This survey article looks first at the changing demands of the workplace in a globalized economy. The new work order creates a new word order, and the workforce has become a “wordforce” (Heller, in press) with new genres of language and communication. These changes have taken place at a time when global flows of people, from less wealthy and secure societies to more wealthy and secure ones, have created multilingual workplaces. Both sets of changes challenge the traditional notion of second language socialization, and this is the focus of the next section. The workplace represents a complex, dynamic setting where migrants experience a double socialization: into the hybrid discourses of the workplace, which all newcomers experience, and into the specific language and cultural practices that realize these discourses. The new language requirements of the workplace produce for migrant workers and professionals a “linguistic penalty” (Roberts & Campbell, 2006) since the communicative demands of the selection process may be greater than those of the job itself. The last section of the article is concerned with language socialization in multilingual settings where language socialization into the dominant language is only part of the story. There is a contrast between the low status multilingualism of migrant workers, and staff in globalized and international organizations who are being socialized into new lingua franca interaction. The article concludes with an example of how the complex linguistic and technical environment of a high-tech multilingual company produces radically different conditions for language socialization which challenge how this notion can be used in the 21st century.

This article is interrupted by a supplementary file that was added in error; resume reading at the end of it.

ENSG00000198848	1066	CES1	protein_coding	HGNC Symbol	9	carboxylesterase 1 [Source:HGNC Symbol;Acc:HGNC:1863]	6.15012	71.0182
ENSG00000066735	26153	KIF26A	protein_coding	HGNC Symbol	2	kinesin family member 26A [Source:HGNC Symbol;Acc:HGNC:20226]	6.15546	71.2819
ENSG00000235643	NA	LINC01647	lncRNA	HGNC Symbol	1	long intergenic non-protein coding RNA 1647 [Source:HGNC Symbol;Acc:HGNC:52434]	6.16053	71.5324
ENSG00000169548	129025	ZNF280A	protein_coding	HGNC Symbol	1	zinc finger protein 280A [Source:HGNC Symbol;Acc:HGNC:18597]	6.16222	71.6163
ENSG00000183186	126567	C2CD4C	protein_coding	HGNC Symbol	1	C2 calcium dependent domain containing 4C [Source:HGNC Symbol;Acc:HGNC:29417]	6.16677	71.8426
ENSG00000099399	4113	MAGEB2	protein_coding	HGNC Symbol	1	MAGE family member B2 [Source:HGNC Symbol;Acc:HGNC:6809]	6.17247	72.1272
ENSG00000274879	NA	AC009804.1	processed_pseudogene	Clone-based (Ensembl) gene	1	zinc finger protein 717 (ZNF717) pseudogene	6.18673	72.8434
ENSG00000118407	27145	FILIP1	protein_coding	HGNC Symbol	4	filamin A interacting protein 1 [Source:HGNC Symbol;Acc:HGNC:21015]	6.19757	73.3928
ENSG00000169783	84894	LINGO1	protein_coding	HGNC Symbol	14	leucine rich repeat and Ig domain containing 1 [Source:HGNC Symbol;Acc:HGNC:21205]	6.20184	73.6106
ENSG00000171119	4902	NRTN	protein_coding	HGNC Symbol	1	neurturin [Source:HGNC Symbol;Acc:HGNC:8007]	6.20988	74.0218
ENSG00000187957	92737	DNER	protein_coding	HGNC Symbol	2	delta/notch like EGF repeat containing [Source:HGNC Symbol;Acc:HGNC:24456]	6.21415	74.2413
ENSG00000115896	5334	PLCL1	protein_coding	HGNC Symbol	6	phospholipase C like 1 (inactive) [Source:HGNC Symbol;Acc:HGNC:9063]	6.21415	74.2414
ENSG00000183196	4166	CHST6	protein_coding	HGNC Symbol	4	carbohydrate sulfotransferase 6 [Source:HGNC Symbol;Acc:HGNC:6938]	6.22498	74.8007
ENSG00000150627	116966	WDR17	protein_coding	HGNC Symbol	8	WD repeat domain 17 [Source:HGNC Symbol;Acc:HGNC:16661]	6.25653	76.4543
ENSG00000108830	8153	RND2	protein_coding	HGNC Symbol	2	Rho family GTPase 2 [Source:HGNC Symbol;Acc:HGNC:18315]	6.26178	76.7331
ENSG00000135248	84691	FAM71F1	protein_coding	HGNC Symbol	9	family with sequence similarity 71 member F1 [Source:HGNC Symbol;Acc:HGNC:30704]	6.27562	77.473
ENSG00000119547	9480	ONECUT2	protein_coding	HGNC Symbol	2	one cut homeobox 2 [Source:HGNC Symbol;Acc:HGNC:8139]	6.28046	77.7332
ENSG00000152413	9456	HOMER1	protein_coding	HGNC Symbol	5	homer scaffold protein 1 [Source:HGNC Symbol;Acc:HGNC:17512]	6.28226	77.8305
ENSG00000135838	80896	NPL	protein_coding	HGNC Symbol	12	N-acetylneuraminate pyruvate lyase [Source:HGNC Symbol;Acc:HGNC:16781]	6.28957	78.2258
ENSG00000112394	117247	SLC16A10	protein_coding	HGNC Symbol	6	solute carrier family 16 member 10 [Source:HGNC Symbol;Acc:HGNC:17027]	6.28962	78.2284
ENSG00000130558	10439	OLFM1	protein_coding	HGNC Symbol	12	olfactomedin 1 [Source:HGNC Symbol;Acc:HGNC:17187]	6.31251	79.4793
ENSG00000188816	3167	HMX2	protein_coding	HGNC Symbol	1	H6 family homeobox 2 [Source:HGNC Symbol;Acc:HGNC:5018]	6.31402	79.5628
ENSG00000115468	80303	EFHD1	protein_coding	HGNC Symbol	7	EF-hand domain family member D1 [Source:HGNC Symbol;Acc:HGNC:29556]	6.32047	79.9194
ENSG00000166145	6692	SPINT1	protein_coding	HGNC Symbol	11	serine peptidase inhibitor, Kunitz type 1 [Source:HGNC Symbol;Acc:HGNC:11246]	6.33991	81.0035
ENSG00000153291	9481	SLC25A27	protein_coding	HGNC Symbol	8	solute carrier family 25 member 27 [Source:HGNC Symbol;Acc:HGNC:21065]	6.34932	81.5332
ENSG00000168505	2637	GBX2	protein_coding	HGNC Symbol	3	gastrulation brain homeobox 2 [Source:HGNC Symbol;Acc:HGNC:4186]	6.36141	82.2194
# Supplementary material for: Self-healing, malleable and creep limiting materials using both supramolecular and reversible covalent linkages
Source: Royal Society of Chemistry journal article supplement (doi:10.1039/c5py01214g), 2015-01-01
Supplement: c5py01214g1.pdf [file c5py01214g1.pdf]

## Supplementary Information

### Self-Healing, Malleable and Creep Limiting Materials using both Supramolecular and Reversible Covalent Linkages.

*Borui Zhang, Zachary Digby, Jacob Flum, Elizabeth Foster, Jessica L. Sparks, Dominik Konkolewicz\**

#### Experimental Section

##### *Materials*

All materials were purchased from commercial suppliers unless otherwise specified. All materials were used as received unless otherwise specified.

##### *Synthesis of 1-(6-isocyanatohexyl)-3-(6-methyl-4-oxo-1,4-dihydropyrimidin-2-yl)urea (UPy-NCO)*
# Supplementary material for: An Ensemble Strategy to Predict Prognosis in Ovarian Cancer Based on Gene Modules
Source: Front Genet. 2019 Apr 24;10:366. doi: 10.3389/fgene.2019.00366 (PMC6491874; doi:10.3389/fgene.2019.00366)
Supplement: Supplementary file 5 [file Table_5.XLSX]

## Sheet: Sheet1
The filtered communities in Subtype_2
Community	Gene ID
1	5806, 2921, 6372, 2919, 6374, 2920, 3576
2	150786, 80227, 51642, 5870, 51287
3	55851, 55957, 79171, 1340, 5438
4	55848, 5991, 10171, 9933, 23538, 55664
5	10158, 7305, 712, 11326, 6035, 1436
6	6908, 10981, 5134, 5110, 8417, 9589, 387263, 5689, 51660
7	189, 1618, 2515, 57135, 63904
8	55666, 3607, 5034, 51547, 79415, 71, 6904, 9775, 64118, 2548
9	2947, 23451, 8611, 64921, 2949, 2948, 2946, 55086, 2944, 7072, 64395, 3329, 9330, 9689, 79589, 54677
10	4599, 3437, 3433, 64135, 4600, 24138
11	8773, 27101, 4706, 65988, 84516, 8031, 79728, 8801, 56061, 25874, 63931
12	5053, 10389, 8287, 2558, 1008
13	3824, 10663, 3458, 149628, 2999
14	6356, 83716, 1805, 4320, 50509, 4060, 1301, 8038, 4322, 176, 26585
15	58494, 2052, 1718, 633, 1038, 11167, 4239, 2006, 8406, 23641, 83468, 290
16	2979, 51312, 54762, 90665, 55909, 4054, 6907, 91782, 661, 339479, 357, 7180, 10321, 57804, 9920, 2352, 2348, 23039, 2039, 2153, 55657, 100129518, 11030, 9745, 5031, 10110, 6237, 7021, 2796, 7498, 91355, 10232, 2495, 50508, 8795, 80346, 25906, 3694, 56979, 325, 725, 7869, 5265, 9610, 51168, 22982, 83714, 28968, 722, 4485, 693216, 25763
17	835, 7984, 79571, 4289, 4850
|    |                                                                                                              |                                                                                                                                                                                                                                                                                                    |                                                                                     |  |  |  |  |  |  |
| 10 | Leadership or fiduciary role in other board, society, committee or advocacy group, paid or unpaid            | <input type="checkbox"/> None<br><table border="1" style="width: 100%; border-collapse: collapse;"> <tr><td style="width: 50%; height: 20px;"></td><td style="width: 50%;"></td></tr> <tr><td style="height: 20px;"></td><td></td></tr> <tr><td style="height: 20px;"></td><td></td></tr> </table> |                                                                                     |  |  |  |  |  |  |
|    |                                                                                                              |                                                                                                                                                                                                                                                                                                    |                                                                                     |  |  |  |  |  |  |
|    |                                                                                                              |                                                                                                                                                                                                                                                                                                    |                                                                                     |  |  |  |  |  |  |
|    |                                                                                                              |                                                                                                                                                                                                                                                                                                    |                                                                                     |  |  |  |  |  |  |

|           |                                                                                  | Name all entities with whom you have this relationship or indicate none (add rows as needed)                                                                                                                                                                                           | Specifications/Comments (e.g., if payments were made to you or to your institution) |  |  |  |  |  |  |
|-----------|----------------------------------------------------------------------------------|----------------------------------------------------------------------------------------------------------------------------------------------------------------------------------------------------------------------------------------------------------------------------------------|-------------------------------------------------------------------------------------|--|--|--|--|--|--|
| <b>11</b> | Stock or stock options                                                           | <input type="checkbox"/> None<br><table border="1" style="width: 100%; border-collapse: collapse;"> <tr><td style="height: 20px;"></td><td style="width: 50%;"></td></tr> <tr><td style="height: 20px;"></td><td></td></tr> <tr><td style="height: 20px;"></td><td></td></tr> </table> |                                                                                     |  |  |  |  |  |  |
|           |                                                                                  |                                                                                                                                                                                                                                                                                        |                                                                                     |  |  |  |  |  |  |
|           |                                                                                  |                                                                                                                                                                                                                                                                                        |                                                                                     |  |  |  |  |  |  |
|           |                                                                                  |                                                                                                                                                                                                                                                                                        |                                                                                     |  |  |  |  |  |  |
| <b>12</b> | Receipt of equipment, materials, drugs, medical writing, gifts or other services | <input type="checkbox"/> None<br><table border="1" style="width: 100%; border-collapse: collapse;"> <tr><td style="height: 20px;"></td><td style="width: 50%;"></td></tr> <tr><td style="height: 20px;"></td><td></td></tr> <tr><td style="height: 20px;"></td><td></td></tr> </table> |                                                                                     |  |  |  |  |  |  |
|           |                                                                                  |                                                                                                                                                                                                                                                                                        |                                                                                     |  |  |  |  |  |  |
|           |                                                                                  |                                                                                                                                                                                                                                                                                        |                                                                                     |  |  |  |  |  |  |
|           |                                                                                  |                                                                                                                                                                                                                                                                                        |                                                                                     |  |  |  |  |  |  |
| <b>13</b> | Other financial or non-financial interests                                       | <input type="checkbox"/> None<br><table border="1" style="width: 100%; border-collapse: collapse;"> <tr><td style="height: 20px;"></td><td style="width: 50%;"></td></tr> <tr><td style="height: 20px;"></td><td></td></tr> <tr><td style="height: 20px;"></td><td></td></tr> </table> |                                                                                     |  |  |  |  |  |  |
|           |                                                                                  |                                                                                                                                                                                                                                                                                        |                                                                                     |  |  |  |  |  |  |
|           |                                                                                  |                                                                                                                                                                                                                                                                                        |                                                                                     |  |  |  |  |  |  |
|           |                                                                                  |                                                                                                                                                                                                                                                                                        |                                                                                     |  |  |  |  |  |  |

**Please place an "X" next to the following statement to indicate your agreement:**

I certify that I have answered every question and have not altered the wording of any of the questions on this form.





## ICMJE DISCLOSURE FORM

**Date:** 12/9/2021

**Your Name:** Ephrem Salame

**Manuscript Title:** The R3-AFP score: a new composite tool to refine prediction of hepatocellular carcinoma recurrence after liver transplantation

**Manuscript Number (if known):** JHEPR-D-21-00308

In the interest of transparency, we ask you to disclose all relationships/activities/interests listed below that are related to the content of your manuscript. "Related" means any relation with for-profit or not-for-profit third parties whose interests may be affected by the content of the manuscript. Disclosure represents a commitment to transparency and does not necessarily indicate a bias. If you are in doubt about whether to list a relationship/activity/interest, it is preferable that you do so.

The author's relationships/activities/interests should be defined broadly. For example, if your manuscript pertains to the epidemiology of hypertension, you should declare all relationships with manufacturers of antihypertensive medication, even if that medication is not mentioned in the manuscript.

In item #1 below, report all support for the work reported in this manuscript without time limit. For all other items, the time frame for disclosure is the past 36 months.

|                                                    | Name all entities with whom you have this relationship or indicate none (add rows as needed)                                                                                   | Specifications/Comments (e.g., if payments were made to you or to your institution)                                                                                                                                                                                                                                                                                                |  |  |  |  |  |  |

Celia Roberts is a professor of applied linguistics at King's College, London. She is a co-author of several books in the areas of intercultural communication and second language socialization (Language and Discrimination, Longman, 1992; Achieving Understanding, Longman, 1996); the field of urban discourse (Talk, Work, and Institutional Order, Mouton, 1999); and the field of language and cultural learning (Language Learners as Ethnographers, Multilingual Matters, 2001). Over the last 10 years, she has undertaken research on effective practice in ESOL, in doctor–patient communication in linguistically diverse settings, and in job interviews and ethnolinguistic disadvantage.